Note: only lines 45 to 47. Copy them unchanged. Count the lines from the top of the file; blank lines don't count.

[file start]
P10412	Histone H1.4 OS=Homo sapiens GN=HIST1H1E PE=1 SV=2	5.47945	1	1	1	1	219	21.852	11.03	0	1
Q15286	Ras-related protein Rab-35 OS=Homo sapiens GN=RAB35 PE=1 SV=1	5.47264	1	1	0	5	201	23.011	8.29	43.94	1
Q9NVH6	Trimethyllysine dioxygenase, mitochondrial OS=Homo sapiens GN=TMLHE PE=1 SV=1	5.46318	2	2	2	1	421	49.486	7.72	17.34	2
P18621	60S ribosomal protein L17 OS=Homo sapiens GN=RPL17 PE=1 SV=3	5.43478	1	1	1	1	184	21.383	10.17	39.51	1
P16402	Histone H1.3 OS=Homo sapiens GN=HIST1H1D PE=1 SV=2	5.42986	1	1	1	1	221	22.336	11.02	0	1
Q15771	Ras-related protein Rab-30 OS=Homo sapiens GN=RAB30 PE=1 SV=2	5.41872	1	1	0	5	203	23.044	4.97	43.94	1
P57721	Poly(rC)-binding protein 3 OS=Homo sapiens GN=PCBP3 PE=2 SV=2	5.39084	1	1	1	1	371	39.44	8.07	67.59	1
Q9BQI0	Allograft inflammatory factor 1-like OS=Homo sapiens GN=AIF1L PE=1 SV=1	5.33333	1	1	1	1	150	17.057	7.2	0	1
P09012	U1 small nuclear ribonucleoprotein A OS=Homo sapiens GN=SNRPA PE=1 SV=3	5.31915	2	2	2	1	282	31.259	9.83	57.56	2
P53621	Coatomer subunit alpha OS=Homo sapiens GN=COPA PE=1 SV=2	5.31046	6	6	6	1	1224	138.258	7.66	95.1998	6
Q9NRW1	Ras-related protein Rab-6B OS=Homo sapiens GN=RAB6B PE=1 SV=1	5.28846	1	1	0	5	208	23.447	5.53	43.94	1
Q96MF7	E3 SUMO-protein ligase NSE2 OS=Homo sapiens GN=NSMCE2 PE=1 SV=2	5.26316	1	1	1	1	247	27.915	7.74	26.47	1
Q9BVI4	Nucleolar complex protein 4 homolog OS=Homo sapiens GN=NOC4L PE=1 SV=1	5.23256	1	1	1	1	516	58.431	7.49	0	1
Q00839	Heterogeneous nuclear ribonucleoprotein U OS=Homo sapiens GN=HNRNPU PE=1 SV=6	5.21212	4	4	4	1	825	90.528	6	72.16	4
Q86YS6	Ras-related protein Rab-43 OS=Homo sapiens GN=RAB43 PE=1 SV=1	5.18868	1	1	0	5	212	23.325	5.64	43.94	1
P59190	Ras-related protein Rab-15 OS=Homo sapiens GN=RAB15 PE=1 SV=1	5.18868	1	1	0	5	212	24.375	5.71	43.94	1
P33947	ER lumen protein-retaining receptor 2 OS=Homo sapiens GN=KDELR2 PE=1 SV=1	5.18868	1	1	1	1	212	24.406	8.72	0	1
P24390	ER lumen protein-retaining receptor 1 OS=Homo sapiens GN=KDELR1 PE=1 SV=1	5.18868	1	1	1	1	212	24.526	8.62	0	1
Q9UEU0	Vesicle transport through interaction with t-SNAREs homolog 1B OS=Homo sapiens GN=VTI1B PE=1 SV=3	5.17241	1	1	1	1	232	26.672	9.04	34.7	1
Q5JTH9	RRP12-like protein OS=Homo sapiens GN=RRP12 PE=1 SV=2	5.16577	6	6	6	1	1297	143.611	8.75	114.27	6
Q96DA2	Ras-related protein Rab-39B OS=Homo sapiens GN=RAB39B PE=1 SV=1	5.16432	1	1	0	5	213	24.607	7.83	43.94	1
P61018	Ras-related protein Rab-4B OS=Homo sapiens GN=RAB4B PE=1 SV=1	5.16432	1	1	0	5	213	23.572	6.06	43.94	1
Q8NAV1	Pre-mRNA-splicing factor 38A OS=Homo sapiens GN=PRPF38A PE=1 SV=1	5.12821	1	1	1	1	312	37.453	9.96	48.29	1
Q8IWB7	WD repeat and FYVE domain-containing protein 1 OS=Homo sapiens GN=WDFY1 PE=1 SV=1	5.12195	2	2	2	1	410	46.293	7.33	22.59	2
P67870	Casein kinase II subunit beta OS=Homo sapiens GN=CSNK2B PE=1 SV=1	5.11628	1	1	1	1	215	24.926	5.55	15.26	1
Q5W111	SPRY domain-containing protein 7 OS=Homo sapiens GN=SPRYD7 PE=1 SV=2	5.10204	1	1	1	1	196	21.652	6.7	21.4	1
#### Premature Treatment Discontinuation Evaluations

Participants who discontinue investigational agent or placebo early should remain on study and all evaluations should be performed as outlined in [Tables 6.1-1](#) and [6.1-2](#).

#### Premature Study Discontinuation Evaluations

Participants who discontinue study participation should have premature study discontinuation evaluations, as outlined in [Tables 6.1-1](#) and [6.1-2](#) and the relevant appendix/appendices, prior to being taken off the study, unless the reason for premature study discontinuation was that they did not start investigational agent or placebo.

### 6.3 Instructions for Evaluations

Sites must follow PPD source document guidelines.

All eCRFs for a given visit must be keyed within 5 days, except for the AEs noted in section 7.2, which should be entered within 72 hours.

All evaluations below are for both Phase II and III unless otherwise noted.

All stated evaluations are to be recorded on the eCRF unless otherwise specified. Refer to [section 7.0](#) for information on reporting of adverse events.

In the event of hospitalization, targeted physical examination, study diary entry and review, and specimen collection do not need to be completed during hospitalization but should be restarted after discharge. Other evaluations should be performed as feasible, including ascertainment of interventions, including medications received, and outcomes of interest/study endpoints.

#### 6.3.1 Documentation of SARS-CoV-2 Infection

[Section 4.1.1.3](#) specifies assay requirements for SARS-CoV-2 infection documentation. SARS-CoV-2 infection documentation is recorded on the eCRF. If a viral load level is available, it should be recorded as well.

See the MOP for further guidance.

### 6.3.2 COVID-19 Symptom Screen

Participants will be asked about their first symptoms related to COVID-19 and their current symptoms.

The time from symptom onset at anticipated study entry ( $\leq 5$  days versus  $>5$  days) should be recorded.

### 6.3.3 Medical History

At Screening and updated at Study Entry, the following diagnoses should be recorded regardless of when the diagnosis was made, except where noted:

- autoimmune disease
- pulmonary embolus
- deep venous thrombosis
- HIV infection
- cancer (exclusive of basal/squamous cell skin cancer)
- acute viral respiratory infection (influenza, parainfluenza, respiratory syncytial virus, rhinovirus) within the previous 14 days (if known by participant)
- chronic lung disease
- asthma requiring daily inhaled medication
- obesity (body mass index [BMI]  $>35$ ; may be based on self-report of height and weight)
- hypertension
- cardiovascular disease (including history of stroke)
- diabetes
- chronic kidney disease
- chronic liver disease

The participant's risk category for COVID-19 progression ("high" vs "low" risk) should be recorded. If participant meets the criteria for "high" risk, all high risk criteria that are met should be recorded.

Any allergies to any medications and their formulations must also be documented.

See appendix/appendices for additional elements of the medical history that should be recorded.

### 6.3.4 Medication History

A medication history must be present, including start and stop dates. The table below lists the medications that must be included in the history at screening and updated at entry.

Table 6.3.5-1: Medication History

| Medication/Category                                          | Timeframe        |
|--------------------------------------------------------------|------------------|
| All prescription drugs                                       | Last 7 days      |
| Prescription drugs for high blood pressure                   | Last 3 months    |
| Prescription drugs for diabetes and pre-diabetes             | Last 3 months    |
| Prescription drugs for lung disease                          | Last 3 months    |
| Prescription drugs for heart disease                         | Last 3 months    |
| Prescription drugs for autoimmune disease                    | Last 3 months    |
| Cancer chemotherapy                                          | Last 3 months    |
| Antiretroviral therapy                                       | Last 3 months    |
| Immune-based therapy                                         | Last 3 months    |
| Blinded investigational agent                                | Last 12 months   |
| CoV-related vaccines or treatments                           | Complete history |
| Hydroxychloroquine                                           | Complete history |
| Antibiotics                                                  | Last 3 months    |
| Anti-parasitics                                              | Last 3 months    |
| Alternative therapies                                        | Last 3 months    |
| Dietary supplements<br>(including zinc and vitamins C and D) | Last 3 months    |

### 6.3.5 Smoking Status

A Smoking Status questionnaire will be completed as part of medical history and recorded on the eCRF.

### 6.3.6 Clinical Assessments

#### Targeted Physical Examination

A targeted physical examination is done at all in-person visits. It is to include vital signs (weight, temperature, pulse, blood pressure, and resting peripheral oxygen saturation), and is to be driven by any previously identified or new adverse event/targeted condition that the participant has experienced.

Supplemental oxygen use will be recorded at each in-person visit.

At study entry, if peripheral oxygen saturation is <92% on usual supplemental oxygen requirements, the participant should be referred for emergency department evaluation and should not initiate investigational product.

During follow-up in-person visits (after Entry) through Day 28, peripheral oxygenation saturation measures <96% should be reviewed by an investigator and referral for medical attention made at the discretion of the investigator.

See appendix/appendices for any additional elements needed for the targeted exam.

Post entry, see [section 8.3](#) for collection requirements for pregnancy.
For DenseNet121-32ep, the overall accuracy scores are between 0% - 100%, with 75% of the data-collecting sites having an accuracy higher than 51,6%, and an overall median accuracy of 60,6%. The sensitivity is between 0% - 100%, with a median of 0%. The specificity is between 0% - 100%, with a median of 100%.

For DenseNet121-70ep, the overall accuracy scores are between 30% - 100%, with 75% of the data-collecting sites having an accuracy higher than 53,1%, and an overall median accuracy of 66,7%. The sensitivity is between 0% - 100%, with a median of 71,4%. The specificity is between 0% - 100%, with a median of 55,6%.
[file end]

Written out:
- autoimmune disease
- pulmonary embolus
- deep venous thrombosis